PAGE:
Boeing released it’s newest commercial airliner, the 737 family’s latest variant the MAX and it entered first commercial service in May 2017. About a year later in October 2018, a Lion Air flight in Indonesia crashed into the Java Sea shortly after takeoff. As a long-time aviation enthusiast, I track such events and especially of a brand new airplane being lost shortly after takeoff on a clear morning raised a number of red flags.
What followed was a blame the pilots episode out in the public, while something else was percolating internally at Boeing, at the FAA, and in other areas where knowledge was had about inherent flaws in this new airplane. As things moved (too) slowly forward after the wake of the Lion Air crash with the promise of some fixes to a critical piece of software that controls some aspects of the MAX’s flight operations, a second crash of a brand new MAX occurred in March 2019 in Ethiopia again shortly after takeoff on a clear day.
This was enough for most everyone around the world to understand there is something terribly wrong here. But, not Boeing, nor the US government agencies such as the FAA. Only after a humiliating instance of virtually the entire world grounding the plane and not allowing it to fly within their air system did the FAA finally ground the plane. All the while, Boeing strongly attested that the plane was fit to fly and all but plainly said that the accidents were the results of poor pilots.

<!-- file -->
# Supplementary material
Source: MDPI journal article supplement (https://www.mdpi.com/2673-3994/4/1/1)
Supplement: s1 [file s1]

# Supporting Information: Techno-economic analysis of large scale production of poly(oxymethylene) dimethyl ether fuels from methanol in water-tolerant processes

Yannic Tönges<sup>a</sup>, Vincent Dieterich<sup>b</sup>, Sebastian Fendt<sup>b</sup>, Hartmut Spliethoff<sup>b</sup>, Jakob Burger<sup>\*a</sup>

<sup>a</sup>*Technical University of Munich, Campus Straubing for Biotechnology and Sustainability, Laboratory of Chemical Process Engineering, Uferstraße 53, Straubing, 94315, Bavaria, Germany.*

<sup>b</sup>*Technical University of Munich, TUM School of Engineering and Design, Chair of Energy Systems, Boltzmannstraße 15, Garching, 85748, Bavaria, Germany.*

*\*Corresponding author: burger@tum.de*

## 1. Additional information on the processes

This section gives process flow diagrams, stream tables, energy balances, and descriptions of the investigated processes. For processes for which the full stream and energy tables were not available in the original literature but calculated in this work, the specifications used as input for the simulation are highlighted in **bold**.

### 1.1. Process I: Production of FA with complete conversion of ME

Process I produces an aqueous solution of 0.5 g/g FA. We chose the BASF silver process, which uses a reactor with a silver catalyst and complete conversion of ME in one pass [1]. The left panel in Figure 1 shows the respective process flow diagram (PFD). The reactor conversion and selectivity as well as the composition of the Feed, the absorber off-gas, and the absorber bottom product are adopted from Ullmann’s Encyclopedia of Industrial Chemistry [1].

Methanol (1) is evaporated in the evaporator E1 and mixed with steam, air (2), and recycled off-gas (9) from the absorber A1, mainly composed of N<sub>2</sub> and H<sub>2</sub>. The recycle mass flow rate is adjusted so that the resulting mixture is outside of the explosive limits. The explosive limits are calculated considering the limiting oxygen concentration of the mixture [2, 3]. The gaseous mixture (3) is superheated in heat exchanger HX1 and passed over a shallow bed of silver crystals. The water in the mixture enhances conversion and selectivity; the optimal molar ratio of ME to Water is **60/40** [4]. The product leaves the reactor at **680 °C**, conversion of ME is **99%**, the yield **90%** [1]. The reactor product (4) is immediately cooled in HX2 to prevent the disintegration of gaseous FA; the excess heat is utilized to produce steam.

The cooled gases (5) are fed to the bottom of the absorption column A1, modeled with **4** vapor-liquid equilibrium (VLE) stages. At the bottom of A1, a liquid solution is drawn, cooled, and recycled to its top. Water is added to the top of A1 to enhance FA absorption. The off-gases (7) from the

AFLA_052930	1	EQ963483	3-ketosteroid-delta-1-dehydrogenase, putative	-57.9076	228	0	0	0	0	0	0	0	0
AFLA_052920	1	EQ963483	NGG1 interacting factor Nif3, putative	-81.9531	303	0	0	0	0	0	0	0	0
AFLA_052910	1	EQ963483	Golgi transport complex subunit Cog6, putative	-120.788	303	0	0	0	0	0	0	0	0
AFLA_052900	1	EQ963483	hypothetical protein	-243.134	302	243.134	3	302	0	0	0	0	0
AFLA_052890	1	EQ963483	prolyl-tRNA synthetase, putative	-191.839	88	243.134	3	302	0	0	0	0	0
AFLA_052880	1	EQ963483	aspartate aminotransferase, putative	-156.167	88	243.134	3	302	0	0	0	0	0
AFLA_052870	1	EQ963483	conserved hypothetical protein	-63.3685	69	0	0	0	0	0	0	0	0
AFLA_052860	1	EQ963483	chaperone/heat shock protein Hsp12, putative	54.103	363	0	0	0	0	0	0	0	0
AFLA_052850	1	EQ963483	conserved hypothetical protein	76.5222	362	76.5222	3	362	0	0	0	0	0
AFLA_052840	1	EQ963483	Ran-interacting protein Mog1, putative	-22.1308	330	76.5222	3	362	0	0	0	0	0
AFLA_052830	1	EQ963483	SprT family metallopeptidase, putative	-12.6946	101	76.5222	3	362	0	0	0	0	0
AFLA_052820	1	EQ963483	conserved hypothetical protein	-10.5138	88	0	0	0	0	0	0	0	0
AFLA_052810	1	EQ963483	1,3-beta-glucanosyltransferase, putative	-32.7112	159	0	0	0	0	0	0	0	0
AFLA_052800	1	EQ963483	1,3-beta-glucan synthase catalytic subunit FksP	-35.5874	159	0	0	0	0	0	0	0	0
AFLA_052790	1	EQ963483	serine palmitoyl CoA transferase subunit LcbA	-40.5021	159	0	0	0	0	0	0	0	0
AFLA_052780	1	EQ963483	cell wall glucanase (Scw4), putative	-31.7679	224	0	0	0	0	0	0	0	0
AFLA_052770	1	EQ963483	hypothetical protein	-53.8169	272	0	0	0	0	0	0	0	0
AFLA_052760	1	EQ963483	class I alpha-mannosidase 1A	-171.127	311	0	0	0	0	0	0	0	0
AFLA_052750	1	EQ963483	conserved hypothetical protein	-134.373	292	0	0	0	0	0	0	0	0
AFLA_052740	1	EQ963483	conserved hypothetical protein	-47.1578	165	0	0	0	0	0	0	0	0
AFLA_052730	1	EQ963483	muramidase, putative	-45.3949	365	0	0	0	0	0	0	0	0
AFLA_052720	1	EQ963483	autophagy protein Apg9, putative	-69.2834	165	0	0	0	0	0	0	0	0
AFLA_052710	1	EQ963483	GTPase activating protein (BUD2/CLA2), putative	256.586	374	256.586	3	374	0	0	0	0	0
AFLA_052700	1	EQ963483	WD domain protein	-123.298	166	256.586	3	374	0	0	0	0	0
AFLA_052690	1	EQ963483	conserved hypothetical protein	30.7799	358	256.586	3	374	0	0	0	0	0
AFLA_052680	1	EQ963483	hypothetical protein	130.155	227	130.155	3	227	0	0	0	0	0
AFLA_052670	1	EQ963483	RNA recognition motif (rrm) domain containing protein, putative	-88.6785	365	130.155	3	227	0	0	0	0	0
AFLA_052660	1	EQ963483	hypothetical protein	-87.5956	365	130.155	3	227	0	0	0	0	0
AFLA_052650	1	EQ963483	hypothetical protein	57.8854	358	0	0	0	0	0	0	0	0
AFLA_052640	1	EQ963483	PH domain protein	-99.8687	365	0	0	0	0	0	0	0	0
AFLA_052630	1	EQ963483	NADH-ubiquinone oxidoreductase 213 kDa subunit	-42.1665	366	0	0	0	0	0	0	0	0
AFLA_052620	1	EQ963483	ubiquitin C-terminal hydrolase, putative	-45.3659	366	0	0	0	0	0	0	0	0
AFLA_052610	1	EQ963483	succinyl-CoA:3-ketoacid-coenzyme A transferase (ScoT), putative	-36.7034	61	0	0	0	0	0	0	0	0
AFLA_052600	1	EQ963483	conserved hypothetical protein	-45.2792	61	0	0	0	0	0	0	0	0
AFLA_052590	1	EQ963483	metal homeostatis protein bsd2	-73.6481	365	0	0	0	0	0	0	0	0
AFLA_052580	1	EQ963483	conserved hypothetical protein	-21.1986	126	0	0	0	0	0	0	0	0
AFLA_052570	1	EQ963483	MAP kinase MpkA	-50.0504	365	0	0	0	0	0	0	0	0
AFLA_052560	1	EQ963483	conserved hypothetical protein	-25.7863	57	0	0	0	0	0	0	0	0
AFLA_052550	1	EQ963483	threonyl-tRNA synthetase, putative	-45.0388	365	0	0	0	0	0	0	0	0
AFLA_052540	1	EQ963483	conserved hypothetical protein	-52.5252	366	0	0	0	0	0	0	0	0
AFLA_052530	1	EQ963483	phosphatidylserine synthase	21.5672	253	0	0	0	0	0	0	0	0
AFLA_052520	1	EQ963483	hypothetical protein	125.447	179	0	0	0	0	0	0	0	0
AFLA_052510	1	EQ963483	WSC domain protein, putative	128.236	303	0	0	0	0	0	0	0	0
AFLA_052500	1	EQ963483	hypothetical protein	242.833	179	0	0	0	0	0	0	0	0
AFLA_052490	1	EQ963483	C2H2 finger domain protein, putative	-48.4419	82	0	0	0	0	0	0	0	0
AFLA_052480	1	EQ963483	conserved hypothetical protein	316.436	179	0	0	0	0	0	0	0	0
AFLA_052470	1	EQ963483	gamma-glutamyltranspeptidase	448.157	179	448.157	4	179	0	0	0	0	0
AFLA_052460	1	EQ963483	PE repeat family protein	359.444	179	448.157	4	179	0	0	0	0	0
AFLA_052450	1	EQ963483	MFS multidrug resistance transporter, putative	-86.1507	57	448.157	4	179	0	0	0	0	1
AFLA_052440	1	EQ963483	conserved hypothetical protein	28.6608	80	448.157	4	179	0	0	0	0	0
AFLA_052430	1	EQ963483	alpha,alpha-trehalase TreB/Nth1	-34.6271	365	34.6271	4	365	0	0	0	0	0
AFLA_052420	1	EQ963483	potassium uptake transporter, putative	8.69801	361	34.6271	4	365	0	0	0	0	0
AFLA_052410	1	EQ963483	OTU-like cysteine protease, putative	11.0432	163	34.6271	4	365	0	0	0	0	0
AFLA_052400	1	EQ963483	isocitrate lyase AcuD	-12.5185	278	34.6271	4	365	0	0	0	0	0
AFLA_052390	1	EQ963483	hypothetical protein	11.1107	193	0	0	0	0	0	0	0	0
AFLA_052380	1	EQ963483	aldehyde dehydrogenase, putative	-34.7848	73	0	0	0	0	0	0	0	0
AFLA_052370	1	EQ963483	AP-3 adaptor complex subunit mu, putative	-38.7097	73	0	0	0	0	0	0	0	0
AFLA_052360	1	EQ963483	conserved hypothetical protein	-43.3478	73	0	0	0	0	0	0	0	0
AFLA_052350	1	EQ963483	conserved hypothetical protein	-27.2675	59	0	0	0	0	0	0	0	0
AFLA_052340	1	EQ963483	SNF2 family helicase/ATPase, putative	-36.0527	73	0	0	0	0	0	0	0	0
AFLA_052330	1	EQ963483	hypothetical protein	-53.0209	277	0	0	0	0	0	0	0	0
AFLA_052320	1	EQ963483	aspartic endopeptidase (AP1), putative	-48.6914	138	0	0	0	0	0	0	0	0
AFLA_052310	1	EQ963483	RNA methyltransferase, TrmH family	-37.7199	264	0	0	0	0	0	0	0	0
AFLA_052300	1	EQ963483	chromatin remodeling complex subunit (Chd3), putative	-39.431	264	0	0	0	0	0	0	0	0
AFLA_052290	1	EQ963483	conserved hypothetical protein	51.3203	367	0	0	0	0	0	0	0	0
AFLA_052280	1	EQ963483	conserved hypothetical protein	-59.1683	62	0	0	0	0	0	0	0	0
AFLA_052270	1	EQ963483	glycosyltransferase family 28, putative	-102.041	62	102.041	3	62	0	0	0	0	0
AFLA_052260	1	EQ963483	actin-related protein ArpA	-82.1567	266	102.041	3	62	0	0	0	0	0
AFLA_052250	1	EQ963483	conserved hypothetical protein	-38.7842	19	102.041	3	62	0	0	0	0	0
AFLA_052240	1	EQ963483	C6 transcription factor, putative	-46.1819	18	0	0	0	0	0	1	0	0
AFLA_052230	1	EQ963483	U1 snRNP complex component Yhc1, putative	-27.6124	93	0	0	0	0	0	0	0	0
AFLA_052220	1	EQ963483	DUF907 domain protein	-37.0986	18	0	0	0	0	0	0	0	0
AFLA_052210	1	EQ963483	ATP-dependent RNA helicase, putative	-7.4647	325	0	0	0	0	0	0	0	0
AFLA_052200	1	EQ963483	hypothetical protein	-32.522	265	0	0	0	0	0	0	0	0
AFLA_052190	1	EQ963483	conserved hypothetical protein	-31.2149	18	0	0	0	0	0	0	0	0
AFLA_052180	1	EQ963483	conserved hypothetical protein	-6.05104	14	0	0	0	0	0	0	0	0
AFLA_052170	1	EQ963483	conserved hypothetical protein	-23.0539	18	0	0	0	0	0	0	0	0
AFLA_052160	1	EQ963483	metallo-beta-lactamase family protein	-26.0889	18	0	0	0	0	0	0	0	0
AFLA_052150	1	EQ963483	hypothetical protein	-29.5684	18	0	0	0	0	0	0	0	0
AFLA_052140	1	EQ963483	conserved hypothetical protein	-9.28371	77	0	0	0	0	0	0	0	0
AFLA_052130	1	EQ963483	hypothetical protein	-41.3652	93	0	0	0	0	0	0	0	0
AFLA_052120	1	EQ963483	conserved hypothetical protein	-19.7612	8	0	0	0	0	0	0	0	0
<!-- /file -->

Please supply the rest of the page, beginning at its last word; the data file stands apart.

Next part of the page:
Between the two crashes, 346 people lost their lives in brand new state-of-the-art planes from the arguably the best airline plane maker on the planet. Aviation beat author, Peter Robinson, leverages hundreds of hours of interviews with people in the industry, from Boeing, the FAA, and elsewhere to assemble the story of how we ended up in these two tragedies.
(you can click the image below to purchase the book from Amazon)
Between the Lines
This is a powerful book as the author digs deep into the company behind these planes, the government agency that is supposed to regulate towards safety to ensure such events don’t occur, and of course the people element with personal stories of those that died in the crashes and the surviving family members that have to deal with it all.
A part of the sub-title of this book that I didn’t grasp fully was how much treatment the author was going to get into in terms of Boeing, the company itself, and its history. It goes deep and at times I didn’t know if this is where I wanted to go. However, it’s essential to understand where Boeing came from as a company, the evolving culture, the critical transitions of top leadership, and the germane corporate environment we’ve had in the past several decades. All of it is essential in crafting a vision of how the vaunted (almost mythic) plane maker Boeing can go from an icon of safety and engineering price to an entity that not only delivers these tragedies, but also is operating in a way that it doesn’t understand and in a sense may not even care why it is so.
These are powerful views, but Robison presents his case on the what, who, when, and why throughout decades of a march within Boeing (and the FAA) towards these exact events inevitably occurring. The key now is if we learn from these mistakes and make changes in the areas necessary to prevent them in the future. Certainly with the Coronavirus pandemic interceding right into the heart of this topic, much energy has been lost on this front and it remains to be seen if all that should be done will be done in the future.